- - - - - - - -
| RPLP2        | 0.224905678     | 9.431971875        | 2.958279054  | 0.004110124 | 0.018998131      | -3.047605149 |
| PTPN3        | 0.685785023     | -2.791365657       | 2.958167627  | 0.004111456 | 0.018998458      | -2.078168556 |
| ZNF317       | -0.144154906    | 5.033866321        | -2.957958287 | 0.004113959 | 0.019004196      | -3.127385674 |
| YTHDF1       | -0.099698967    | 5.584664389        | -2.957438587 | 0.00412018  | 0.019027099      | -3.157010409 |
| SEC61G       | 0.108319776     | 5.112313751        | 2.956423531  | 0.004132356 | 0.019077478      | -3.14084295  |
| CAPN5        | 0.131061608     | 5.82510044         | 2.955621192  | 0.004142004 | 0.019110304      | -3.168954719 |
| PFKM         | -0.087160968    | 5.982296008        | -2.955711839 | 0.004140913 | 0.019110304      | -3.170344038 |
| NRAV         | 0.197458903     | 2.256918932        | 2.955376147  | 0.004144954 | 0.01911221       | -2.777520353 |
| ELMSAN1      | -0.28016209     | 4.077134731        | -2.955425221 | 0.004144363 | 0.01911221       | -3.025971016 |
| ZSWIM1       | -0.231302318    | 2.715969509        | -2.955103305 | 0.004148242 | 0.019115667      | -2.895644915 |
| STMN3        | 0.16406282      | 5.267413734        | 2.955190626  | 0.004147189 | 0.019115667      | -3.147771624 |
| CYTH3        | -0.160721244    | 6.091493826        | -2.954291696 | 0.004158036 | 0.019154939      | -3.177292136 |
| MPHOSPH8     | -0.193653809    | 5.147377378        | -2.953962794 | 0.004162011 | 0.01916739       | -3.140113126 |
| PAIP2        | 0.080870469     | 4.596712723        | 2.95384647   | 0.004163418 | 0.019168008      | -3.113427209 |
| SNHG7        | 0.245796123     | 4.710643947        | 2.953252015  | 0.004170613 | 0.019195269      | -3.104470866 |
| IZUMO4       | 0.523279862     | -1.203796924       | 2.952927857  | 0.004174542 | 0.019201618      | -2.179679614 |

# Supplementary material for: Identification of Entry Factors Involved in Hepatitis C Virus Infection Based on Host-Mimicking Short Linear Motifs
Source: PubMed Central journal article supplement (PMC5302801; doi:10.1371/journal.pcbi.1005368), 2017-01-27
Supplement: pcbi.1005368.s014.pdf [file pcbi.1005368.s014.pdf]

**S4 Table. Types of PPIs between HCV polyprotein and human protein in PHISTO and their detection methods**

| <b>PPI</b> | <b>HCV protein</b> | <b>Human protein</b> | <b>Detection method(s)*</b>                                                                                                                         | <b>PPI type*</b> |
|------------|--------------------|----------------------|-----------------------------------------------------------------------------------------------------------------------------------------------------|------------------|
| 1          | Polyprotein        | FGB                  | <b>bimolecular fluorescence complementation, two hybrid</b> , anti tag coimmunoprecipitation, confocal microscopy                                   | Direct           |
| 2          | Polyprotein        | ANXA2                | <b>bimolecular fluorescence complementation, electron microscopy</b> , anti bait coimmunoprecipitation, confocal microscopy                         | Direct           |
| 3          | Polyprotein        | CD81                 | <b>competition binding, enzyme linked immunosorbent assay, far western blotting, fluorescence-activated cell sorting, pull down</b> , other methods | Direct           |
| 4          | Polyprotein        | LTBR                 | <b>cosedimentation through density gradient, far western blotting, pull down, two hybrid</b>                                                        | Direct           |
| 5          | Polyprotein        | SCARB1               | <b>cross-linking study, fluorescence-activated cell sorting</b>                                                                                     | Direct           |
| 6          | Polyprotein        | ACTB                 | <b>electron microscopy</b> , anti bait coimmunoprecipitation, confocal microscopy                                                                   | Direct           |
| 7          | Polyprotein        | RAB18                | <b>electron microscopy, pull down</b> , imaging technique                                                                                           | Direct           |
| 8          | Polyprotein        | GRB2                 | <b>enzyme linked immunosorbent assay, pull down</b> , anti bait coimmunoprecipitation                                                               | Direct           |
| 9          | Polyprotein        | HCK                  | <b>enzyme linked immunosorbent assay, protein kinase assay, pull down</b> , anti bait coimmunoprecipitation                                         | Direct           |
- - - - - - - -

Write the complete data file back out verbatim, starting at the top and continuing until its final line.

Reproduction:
| RPLP2        | 0.224905678     | 9.431971875        | 2.958279054  | 0.004110124 | 0.018998131      | -3.047605149 |
| PTPN3        | 0.685785023     | -2.791365657       | 2.958167627  | 0.004111456 | 0.018998458      | -2.078168556 |
| ZNF317       | -0.144154906    | 5.033866321        | -2.957958287 | 0.004113959 | 0.019004196      | -3.127385674 |
| YTHDF1       | -0.099698967    | 5.584664389        | -2.957438587 | 0.00412018  | 0.019027099      | -3.157010409 |
| SEC61G       | 0.108319776     | 5.112313751        | 2.956423531  | 0.004132356 | 0.019077478      | -3.14084295  |
| CAPN5        | 0.131061608     | 5.82510044         | 2.955621192  | 0.004142004 | 0.019110304      | -3.168954719 |
| PFKM         | -0.087160968    | 5.982296008        | -2.955711839 | 0.004140913 | 0.019110304      | -3.170344038 |
| NRAV         | 0.197458903     | 2.256918932        | 2.955376147  | 0.004144954 | 0.01911221       | -2.777520353 |
| ELMSAN1      | -0.28016209     | 4.077134731        | -2.955425221 | 0.004144363 | 0.01911221       | -3.025971016 |
| ZSWIM1       | -0.231302318    | 2.715969509        | -2.955103305 | 0.004148242 | 0.019115667      | -2.895644915 |
| STMN3        | 0.16406282      | 5.267413734        | 2.955190626  | 0.004147189 | 0.019115667      | -3.147771624 |
| CYTH3        | -0.160721244    | 6.091493826        | -2.954291696 | 0.004158036 | 0.019154939      | -3.177292136 |
| MPHOSPH8     | -0.193653809    | 5.147377378        | -2.953962794 | 0.004162011 | 0.01916739       | -3.140113126 |
| PAIP2        | 0.080870469     | 4.596712723        | 2.95384647   | 0.004163418 | 0.019168008      | -3.113427209 |
| SNHG7        | 0.245796123     | 4.710643947        | 2.953252015  | 0.004170613 | 0.019195269      | -3.104470866 |
| IZUMO4       | 0.523279862     | -1.203796924       | 2.952927857  | 0.004174542 | 0.019201618      | -2.179679614 |

# Supplementary material for: Identification of Entry Factors Involved in Hepatitis C Virus Infection Based on Host-Mimicking Short Linear Motifs
Source: PubMed Central journal article supplement (PMC5302801; doi:10.1371/journal.pcbi.1005368), 2017-01-27
Supplement: pcbi.1005368.s014.pdf [file pcbi.1005368.s014.pdf]

**S4 Table. Types of PPIs between HCV polyprotein and human protein in PHISTO and their detection methods**

| <b>PPI</b> | <b>HCV protein</b> | <b>Human protein</b> | <b>Detection method(s)*</b>                                                                                                                         | <b>PPI type*</b> |
|------------|--------------------|----------------------|-----------------------------------------------------------------------------------------------------------------------------------------------------|------------------|
| 1          | Polyprotein        | FGB                  | <b>bimolecular fluorescence complementation, two hybrid</b> , anti tag coimmunoprecipitation, confocal microscopy                                   | Direct           |
| 2          | Polyprotein        | ANXA2                | <b>bimolecular fluorescence complementation, electron microscopy</b> , anti bait coimmunoprecipitation, confocal microscopy                         | Direct           |
| 3          | Polyprotein        | CD81                 | <b>competition binding, enzyme linked immunosorbent assay, far western blotting, fluorescence-activated cell sorting, pull down</b> , other methods | Direct           |
| 4          | Polyprotein        | LTBR                 | <b>cosedimentation through density gradient, far western blotting, pull down, two hybrid</b>                                                        | Direct           |
| 5          | Polyprotein        | SCARB1               | <b>cross-linking study, fluorescence-activated cell sorting</b>                                                                                     | Direct           |
| 6          | Polyprotein        | ACTB                 | <b>electron microscopy</b> , anti bait coimmunoprecipitation, confocal microscopy                                                                   | Direct           |
| 7          | Polyprotein        | RAB18                | <b>electron microscopy, pull down</b> , imaging technique                                                                                           | Direct           |
| 8          | Polyprotein        | GRB2                 | <b>enzyme linked immunosorbent assay, pull down</b> , anti bait coimmunoprecipitation                                                               | Direct           |
| 9          | Polyprotein        | HCK                  | <b>enzyme linked immunosorbent assay, protein kinase assay, pull down</b> , anti bait coimmunoprecipitation                                         | Direct           |